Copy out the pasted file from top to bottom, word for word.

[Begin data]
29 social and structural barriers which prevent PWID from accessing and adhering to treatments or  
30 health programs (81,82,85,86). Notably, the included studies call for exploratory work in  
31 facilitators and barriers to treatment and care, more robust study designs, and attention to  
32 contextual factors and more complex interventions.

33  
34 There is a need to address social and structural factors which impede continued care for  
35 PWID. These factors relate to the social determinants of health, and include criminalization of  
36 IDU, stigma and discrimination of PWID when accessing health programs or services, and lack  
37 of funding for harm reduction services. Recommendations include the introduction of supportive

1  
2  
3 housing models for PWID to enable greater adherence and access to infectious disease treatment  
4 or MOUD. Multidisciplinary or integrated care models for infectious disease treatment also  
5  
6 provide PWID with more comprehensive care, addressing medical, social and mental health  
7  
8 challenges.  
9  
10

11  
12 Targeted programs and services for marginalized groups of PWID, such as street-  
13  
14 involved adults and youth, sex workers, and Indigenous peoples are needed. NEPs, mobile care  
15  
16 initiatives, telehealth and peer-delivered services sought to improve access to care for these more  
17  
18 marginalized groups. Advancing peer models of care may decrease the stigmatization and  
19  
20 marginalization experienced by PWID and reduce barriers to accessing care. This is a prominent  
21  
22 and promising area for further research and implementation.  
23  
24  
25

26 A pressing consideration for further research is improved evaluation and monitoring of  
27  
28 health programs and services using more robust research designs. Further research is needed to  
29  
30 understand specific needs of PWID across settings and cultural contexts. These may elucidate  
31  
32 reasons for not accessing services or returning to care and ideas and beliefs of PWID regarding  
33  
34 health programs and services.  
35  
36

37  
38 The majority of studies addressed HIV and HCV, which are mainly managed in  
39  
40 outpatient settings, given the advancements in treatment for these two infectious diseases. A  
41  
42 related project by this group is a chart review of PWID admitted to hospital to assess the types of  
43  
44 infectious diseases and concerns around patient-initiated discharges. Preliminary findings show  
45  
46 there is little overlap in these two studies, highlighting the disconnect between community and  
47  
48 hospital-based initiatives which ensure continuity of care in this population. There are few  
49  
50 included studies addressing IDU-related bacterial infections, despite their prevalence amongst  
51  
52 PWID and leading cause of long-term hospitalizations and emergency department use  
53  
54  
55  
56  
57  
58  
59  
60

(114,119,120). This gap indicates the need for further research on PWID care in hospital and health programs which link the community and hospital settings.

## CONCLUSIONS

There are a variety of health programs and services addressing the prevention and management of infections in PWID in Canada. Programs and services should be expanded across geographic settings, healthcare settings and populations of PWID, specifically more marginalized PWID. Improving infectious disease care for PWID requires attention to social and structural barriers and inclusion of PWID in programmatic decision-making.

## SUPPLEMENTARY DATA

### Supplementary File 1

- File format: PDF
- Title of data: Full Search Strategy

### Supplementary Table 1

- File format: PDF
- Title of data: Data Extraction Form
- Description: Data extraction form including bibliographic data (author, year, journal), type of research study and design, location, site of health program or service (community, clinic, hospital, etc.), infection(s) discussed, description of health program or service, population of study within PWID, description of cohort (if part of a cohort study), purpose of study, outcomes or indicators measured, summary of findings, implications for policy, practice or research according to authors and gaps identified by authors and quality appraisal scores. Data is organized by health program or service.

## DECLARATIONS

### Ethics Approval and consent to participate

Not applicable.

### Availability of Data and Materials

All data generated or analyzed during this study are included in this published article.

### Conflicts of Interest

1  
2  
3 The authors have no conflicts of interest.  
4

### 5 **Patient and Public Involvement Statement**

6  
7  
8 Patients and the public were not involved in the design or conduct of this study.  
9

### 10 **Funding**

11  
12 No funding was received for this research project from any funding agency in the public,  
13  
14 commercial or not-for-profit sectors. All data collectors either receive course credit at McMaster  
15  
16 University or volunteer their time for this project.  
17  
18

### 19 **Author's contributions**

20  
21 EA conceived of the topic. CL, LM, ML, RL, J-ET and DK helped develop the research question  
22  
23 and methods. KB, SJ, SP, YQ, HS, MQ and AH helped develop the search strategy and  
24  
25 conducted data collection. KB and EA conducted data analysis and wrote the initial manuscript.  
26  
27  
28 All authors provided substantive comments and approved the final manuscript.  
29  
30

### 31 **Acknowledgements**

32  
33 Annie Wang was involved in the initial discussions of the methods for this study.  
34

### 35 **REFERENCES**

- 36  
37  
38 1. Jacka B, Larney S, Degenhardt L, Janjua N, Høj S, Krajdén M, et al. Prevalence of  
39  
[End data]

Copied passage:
29 social and structural barriers which prevent PWID from accessing and adhering to treatments or  
30 health programs (81,82,85,86). Notably, the included studies call for exploratory work in  
31 facilitators and barriers to treatment and care, more robust study designs, and attention to  
32 contextual factors and more complex interventions.

33  
34 There is a need to address social and structural factors which impede continued care for  
35 PWID. These factors relate to the social determinants of health, and include criminalization of  
36 IDU, stigma and discrimination of PWID when accessing health programs or services, and lack  
37 of funding for harm reduction services. Recommendations include the introduction of supportive

1  
2  
3 housing models for PWID to enable greater adherence and access to infectious disease treatment  
4 or MOUD. Multidisciplinary or integrated care models for infectious disease treatment also  
5  
6 provide PWID with more comprehensive care, addressing medical, social and mental health  
7  
8 challenges.  
9  
10

11  
12 Targeted programs and services for marginalized groups of PWID, such as street-  
13  
14 involved adults and youth, sex workers, and Indigenous peoples are needed. NEPs, mobile care  
15  
16 initiatives, telehealth and peer-delivered services sought to improve access to care for these more  
17  
18 marginalized groups. Advancing peer models of care may decrease the stigmatization and  
19  
20 marginalization experienced by PWID and reduce barriers to accessing care. This is a prominent  
21  
22 and promising area for further research and implementation.  
23  
24  
25

26 A pressing consideration for further research is improved evaluation and monitoring of  
27  
28 health programs and services using more robust research designs. Further research is needed to  
29  
30 understand specific needs of PWID across settings and cultural contexts. These may elucidate  
31  
32 reasons for not accessing services or returning to care and ideas and beliefs of PWID regarding  
33  
34 health programs and services.  
35  
36

37  
38 The majority of studies addressed HIV and HCV, which are mainly managed in  
39  
40 outpatient settings, given the advancements in treatment for these two infectious diseases. A  
41  
42 related project by this group is a chart review of PWID admitted to hospital to assess the types of  
43  
44 infectious diseases and concerns around patient-initiated discharges. Preliminary findings show  
45  
46 there is little overlap in these two studies, highlighting the disconnect between community and  
47  
48 hospital-based initiatives which ensure continuity of care in this population. There are few  
49  
50 included studies addressing IDU-related bacterial infections, despite their prevalence amongst  
51  
52 PWID and leading cause of long-term hospitalizations and emergency department use  
53  
54  
55  
56  
57  
58  
59  
60

(114,119,120). This gap indicates the need for further research on PWID care in hospital and health programs which link the community and hospital settings.

## CONCLUSIONS

There are a variety of health programs and services addressing the prevention and management of infections in PWID in Canada. Programs and services should be expanded across geographic settings, healthcare settings and populations of PWID, specifically more marginalized PWID. Improving infectious disease care for PWID requires attention to social and structural barriers and inclusion of PWID in programmatic decision-making.

## SUPPLEMENTARY DATA

### Supplementary File 1

- File format: PDF
- Title of data: Full Search Strategy

### Supplementary Table 1

- File format: PDF
- Title of data: Data Extraction Form
- Description: Data extraction form including bibliographic data (author, year, journal), type of research study and design, location, site of health program or service (community, clinic, hospital, etc.), infection(s) discussed, description of health program or service, population of study within PWID, description of cohort (if part of a cohort study), purpose of study, outcomes or indicators measured, summary of findings, implications for policy, practice or research according to authors and gaps identified by authors and quality appraisal scores. Data is organized by health program or service.

## DECLARATIONS

### Ethics Approval and consent to participate

Not applicable.

### Availability of Data and Materials

All data generated or analyzed during this study are included in this published article.

### Conflicts of Interest

1  
2  
3 The authors have no conflicts of interest.  
4

### 5 **Patient and Public Involvement Statement**

6  
7  
8 Patients and the public were not involved in the design or conduct of this study.  
9

### 10 **Funding**

11  
12 No funding was received for this research project from any funding agency in the public,  
13  
14 commercial or not-for-profit sectors. All data collectors either receive course credit at McMaster  
15  
16 University or volunteer their time for this project.  
17  
18

### 19 **Author's contributions**

20  
21 EA conceived of the topic. CL, LM, ML, RL, J-ET and DK helped develop the research question  
22  
23 and methods. KB, SJ, SP, YQ, HS, MQ and AH helped develop the search strategy and  
24  
25 conducted data collection. KB and EA conducted data analysis and wrote the initial manuscript.  
26  
27  
28 All authors provided substantive comments and approved the final manuscript.  
29  
30

### 31 **Acknowledgements**

32  
33 Annie Wang was involved in the initial discussions of the methods for this study.  
34

### 35 **REFERENCES**

- 36  
37  
38 1. Jacka B, Larney S, Degenhardt L, Janjua N, Høj S, Krajdén M, et al. Prevalence of  
39  